Total endovascular aortic arch treatment shows promise in dissections, but secondary interventions remain the “Achilles’ heel”
Ngày 29/12/2020 08:56 | Lượt xem: 51

Speaking at the Virtual Aortic Surgery How to Do It (HTDI) Highlights conference (17–18 December), Stéphan Haulon (Hôpital Marie Lannelongue, GHPSJ, Paris, France) discussed total endovascular treatment of the aortic arch in chronic dissections. Detailing global experience using three-vessel inner branch stent grafts for this procedure, Haulon highlighted good technical success and low morbidity and mortality rates. However, he also stressed that the high number of secondary procedures required remains the “Achilles’ heel” of the technique, and that larger experiences and longer follow-up are mandated.

Before delving into the use of arch branch devices in chronic dissections, Haulon made it clear that it was not his intention to take part in the debate between open versus endovascular surgery in this presentation. He detailed his reason: “Patients that have a large ascending aorta cannot be treated with [arch branch devices]”. Instead, his focus was on those patients for whom endovascular treatment was feasible.

Moving on to the “evolution” of arch branch device design, Haulon noted that this began a long time ago with fenestrated endografts, before surgeons moved towards using the single branch and subsequently the inner branched design. Honing in on this latest iteration, Haulon informed viewers: “The nice thing about [the inner branched] design is that you have a tapered portion in the middle where the branches are positioned, so you always have flow to the supra-aortic trunk”.

Focus on patients with chronic dissection sees drop in stroke rate

Haulon communicated that he and colleagues started using arch branch devices over 10 years ago to treat atherosclerotic aneurysms, noting that their initial experience was not good, with a 15% stroke rate. However, he added that better results have followed a switch from treating atherosclerotic aneurysms to treating chronic dissections—patients that had a prior type A repair who required a follow-up procedure due to false lumen evolvement in the arch and in the descending thoracic aorta, he explained.

“The main reason for getting a good outcome,” Haulon stated, “is that we now had a perfect landing zone, which in many of those patients is a long, proximal tube,” and no (or less) atherosclerotic plaque on the aortic wall. However, he added that some of those patients will have either a short or a kinked tube, meaning they cannot be treated.

In the specific anatomy of a chronic dissection of the arch, Haulon detailed that most patients are “perfect” candidates for the new arch branch device design—the three-branch endograft with a retrograde branch perfusing the left subclavian artery.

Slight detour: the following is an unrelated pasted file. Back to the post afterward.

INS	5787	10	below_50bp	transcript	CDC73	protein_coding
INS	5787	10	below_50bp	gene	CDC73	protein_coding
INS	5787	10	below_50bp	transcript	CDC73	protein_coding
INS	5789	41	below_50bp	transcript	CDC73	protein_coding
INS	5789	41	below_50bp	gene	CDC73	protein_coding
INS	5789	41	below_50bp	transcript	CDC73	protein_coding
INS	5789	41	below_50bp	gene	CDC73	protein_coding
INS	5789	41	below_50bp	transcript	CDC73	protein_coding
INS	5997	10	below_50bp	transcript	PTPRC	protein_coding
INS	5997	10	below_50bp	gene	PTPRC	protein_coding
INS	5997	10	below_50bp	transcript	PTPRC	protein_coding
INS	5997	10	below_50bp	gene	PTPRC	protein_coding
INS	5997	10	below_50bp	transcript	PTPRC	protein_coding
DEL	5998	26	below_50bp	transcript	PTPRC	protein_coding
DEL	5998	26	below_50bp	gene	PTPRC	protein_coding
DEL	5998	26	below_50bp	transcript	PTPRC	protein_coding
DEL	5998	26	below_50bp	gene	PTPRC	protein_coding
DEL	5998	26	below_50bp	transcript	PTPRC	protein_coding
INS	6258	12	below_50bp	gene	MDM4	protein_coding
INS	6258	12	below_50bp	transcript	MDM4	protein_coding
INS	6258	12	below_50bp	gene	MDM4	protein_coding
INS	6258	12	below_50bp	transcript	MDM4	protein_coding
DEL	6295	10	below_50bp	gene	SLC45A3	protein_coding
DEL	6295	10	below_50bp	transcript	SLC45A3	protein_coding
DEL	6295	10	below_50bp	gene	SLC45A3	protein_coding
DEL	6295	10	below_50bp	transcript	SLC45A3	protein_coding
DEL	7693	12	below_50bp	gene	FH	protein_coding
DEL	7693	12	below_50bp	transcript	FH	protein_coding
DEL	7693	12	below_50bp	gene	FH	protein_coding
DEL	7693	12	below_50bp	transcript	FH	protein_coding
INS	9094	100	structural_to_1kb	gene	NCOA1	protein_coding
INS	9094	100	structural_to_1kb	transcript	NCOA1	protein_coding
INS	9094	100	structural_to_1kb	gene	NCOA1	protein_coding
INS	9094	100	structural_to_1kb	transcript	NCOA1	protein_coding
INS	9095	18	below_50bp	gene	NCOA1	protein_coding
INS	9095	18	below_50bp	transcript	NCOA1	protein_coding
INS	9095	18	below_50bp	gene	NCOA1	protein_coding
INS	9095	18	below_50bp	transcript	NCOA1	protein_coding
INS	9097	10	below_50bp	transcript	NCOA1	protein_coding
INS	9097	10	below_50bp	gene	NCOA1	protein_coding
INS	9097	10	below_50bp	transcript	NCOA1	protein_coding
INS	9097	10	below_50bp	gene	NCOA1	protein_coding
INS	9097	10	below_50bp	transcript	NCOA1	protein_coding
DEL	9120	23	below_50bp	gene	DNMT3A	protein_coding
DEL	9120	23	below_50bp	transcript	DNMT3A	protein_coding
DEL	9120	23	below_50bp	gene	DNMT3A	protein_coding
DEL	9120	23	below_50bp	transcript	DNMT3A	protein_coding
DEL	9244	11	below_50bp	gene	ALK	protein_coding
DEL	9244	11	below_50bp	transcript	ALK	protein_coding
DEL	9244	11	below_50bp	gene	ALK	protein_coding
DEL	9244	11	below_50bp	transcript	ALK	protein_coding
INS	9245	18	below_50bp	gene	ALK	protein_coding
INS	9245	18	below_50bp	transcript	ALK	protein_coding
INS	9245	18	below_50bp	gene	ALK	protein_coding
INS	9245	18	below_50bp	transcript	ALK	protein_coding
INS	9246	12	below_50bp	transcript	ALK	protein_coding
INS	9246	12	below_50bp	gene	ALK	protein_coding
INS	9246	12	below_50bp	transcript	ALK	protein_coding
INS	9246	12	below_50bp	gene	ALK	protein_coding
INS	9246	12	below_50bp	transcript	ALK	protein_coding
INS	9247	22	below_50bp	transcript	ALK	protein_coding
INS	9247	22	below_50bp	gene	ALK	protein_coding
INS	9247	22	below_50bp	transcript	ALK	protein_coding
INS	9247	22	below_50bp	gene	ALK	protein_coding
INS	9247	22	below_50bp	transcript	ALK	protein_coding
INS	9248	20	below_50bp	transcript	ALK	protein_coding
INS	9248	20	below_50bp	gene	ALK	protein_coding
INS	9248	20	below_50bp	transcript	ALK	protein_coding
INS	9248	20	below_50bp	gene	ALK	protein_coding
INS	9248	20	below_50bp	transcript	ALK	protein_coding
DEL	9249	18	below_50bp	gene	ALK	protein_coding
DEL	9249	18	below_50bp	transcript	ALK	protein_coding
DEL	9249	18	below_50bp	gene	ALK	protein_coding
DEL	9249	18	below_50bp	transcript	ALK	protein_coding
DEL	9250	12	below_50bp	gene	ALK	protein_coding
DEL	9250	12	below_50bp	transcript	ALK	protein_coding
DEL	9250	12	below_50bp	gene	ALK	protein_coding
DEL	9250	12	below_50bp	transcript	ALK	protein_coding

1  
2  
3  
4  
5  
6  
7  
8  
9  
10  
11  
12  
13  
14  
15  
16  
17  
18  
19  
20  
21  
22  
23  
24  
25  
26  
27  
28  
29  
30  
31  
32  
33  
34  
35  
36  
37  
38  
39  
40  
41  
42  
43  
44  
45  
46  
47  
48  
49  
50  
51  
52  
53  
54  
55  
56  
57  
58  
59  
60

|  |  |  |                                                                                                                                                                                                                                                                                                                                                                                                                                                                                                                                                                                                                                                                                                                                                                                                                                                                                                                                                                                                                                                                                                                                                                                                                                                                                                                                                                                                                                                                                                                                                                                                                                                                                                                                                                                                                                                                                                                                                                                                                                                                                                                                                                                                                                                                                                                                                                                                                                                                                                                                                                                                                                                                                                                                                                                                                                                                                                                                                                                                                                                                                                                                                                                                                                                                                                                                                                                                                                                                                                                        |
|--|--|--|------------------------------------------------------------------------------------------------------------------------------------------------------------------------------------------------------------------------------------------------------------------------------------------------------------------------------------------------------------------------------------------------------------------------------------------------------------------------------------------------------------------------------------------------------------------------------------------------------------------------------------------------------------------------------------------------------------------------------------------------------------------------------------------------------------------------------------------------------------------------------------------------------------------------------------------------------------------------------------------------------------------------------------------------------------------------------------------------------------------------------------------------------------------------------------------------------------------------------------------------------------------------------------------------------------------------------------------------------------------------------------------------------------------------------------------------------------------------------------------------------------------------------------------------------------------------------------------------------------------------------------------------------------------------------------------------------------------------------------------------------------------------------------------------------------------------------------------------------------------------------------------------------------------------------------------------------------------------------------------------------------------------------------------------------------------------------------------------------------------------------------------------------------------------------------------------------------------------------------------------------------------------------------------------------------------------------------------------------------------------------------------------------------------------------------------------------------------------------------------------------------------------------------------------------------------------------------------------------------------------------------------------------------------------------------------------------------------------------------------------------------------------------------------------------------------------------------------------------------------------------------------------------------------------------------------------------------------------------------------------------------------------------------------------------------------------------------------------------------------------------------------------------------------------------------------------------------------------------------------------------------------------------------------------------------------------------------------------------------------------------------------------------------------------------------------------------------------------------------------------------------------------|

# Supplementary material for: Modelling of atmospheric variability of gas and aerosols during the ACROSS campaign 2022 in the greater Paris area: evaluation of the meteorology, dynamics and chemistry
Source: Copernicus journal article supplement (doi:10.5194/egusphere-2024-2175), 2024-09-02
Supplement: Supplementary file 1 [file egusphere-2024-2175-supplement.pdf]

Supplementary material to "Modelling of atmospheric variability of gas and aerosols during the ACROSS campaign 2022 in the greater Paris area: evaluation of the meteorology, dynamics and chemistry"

Haulon then considered the outcomes of patients with a chronic dissection who have been treated with inner branched arch endografts following ascending open repair. In a retrospective international multicentre study published in the Annals of Surgery in 2019, Dorian Verscheure (Hôpital Marie Lannelongue, Paris, France), Haulon and colleagues looked at 70 patients across 13 vascular units in nine countries who obtained “unmatched” results—a combined in-hospital mortality and stoke rate of 4% and a “very high” technical success rate of 97%. “It was really interesting to see that, compared to the initial 15% stroke rate, we went down to 4% by focusing on those patients with chronic dissection,” he remarked.

Number of secondary procedures represents “Achilles’ heel” 

Despite these improved results, however, Haulon stressed that there is an “Achilles’ heel” to this procedure—the number of secondary interventions required. He noted that most of these are due to persistent flow in the false lumen, requiring either coil embolisation in the false lumen or an extra-anatomic bypass of the supra-aortic trunk. Here Haulon referenced the work of Tilo Kölbel (University Hospital Eppendorf, Hamburg, Germany), who advises getting a complete exclusion by implanting a candy-plug in the distal false lumen.

Finally, Haulon referenced a presentation given at this year’s SVS ONLINE meeting (20 June–2 July) given by Emanual R Tenorio (Mayo Clinic, Rochester, USA) on a multicentre global early feasibility study that gathered all the three-branched data, including mainly patients with a dissection. He noted the technical success rate of 100%, a combined mortality and stroke rate of 8%, and a 5% 30-day mortality, but again, a high secondary procedure rate—around 60%.

Concluding, Haulon stressed that this multicentre global experience demonstrates the technical feasibility and safety of total endovascular aortic arch repair for aneurysms and chronic dissections using three-vessel inner branch stent grafts. Mortality and stroke rates compare favourably to reported outcomes of total open surgical arch replacement, he summarised, particularly among higher risk patients who had prior median sternotomies and ascending aortic repairs.

However, Haulon reiterated that a limitation remains the high rate of secondary interventions, and—while these are planned in most cases—stressed that “this is something that needs to be shared with the patient”.

Source VascularNews

Duc Tin Clinic

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